“The lack of comprehensiveness, consistent quality and standardization threatens to undermine trust and limit the full potential of using RWE to advance many objectives in pharma,” says Doyle of IQVIA. “Today with so many parallel efforts, the use of RWE is being democratized, which should prompt research design innovation, but how do you validate and pressure-test the various approaches for validity and reliability? I am eager to see what type of guidance FDA ultimately issues with regard to RWE guidance.” He notes that FDA’s 2017 guidance issued on the use of RWE in the field of medical devices  provides a lot of hints about FDA’s thinking on this topic.
Additional industry-wide initiatives are already underway to address some of these challenges. For instance, in 2017, the International Society for Pharmacoeconomics and Outcomes Research (ISPOR) and the International Society for Pharmacoepidemiology (ISPE) created a joint task force which is working to establish consistent methodologies and procedural practices to improve the consistency and reliability of using RWE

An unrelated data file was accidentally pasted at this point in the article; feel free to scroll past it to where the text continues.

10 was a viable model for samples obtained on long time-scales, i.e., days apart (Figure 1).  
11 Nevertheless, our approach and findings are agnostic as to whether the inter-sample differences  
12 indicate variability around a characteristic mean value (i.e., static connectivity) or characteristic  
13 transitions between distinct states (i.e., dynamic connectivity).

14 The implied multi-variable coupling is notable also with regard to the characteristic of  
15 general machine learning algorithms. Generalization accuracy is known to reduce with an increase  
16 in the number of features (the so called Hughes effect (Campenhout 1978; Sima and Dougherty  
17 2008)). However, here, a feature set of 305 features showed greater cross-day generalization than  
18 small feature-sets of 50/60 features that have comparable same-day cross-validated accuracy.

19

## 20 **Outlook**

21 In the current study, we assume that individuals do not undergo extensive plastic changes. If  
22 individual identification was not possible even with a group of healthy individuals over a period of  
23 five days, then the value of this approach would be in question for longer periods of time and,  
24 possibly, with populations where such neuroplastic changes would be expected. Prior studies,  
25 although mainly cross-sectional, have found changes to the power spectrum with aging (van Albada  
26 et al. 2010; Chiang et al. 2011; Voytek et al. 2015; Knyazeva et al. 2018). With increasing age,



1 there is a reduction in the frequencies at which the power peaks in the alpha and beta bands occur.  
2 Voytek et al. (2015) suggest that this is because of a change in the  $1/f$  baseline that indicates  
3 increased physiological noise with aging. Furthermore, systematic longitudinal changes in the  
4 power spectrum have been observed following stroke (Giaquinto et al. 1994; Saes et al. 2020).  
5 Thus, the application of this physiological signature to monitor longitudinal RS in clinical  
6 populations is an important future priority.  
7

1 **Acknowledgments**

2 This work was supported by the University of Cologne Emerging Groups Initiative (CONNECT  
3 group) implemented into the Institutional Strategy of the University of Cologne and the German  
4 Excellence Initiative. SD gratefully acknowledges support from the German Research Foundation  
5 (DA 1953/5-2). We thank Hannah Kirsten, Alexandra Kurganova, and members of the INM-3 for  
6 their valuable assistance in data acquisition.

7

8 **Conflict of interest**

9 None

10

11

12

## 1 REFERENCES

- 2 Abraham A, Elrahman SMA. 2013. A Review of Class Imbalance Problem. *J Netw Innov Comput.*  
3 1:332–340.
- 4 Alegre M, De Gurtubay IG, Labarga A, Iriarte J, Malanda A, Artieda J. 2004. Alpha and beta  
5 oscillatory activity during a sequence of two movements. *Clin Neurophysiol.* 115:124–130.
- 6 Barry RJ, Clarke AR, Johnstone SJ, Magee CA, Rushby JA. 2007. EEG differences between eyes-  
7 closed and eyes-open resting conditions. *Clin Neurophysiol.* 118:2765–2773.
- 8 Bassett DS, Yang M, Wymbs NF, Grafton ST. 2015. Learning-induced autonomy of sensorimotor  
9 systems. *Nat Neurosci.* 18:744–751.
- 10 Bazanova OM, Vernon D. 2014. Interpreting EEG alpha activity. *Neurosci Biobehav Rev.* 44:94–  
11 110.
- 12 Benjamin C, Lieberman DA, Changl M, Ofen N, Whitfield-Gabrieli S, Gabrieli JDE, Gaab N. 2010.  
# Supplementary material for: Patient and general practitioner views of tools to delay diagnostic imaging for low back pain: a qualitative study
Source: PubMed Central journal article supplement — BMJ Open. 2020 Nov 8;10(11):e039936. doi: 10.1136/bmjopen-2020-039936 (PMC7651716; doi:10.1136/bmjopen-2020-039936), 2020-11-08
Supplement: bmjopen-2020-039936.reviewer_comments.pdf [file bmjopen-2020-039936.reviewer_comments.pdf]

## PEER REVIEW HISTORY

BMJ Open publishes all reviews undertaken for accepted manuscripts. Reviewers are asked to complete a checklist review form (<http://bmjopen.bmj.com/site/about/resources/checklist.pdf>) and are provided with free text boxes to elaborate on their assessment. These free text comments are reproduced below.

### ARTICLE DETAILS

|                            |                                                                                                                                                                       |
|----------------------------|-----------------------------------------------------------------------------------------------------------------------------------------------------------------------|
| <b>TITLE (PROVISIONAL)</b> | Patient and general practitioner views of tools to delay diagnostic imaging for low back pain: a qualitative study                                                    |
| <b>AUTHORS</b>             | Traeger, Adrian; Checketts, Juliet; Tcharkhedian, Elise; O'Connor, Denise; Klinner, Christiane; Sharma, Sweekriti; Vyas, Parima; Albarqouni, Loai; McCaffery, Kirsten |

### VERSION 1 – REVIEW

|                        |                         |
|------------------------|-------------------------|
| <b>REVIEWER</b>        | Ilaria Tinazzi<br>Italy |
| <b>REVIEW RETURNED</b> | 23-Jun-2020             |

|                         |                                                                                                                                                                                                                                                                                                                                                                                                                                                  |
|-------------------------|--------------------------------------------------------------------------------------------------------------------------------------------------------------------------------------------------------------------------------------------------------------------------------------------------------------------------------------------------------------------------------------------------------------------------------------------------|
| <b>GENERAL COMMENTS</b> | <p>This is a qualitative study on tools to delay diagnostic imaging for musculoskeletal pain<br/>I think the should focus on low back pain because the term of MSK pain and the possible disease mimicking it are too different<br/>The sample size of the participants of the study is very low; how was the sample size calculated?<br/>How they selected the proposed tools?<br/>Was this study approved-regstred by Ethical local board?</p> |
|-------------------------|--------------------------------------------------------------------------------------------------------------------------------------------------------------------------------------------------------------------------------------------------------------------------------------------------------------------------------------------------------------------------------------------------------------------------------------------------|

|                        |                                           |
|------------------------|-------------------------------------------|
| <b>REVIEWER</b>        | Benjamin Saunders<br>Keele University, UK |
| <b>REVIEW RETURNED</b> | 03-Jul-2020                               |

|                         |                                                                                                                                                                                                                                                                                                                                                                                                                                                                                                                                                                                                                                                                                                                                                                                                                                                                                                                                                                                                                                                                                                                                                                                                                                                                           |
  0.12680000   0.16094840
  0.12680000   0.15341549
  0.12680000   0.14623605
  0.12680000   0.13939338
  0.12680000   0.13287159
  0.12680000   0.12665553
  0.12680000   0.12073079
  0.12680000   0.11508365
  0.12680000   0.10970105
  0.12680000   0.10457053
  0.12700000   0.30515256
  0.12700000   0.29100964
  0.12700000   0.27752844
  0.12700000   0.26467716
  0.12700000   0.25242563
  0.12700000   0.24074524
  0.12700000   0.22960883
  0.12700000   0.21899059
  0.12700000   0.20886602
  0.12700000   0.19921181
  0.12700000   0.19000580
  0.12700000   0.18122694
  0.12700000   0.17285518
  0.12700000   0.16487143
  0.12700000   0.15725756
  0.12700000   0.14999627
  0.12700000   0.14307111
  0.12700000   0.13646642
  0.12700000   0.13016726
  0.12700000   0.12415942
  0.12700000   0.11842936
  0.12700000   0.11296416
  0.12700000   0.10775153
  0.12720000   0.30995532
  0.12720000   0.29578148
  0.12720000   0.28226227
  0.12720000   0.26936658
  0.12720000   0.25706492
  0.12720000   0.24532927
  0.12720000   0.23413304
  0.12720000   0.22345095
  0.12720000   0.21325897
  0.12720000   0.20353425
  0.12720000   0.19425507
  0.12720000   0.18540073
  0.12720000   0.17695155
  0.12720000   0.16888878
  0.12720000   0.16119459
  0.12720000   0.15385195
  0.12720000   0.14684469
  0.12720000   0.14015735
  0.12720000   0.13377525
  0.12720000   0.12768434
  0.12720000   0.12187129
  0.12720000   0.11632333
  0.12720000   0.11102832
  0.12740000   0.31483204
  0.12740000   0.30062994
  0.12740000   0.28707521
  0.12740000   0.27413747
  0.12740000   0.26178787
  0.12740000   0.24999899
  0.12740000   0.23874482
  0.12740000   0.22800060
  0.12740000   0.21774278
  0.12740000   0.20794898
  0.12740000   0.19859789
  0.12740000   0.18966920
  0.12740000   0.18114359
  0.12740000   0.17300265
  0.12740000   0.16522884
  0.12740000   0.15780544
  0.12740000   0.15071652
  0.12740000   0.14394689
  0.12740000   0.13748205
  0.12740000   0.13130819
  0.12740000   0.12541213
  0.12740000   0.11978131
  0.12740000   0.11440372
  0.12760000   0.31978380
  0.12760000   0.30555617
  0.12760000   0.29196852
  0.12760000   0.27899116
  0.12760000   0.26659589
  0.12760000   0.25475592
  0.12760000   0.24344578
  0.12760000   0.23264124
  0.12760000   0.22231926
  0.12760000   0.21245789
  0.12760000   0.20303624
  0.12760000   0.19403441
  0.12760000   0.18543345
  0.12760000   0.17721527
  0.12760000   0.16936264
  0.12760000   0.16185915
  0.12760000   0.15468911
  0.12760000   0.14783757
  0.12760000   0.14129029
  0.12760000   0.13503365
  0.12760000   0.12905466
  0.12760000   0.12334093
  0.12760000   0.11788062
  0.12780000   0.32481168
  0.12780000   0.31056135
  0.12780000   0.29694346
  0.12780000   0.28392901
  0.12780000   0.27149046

Similarly, the GetReal Initiative (www.imi-getreal.eu), established in 2013 by an EU public-private consortium consisting of pharmaceutical companies, academia, HTA agencies, regulators and patient organizations, is a working to develop a variety of tools and resources for RWE.
- Second Annual Real-World Evidence (RWE) Benchmarking Study, 2018, www.deloitte.com/insights
- FDA, Use of Real-World Evidence to Support Regulatory Decision-Making for Medical Devices, issued August 31, 2017; https://www.fda.gov/downloads/medicaldevices/deviceregulationandguidance/guidancedocuments/ucm513027.pdf
- Berger, Marc., et al., Good Practices for Real-World Data Studies of Treatment and/or Comparative Effectiveness: Recommendations from the Joint ISPOR-ISPE Special Task Force on Real-World Evidence in Healthcare Decisionmaking,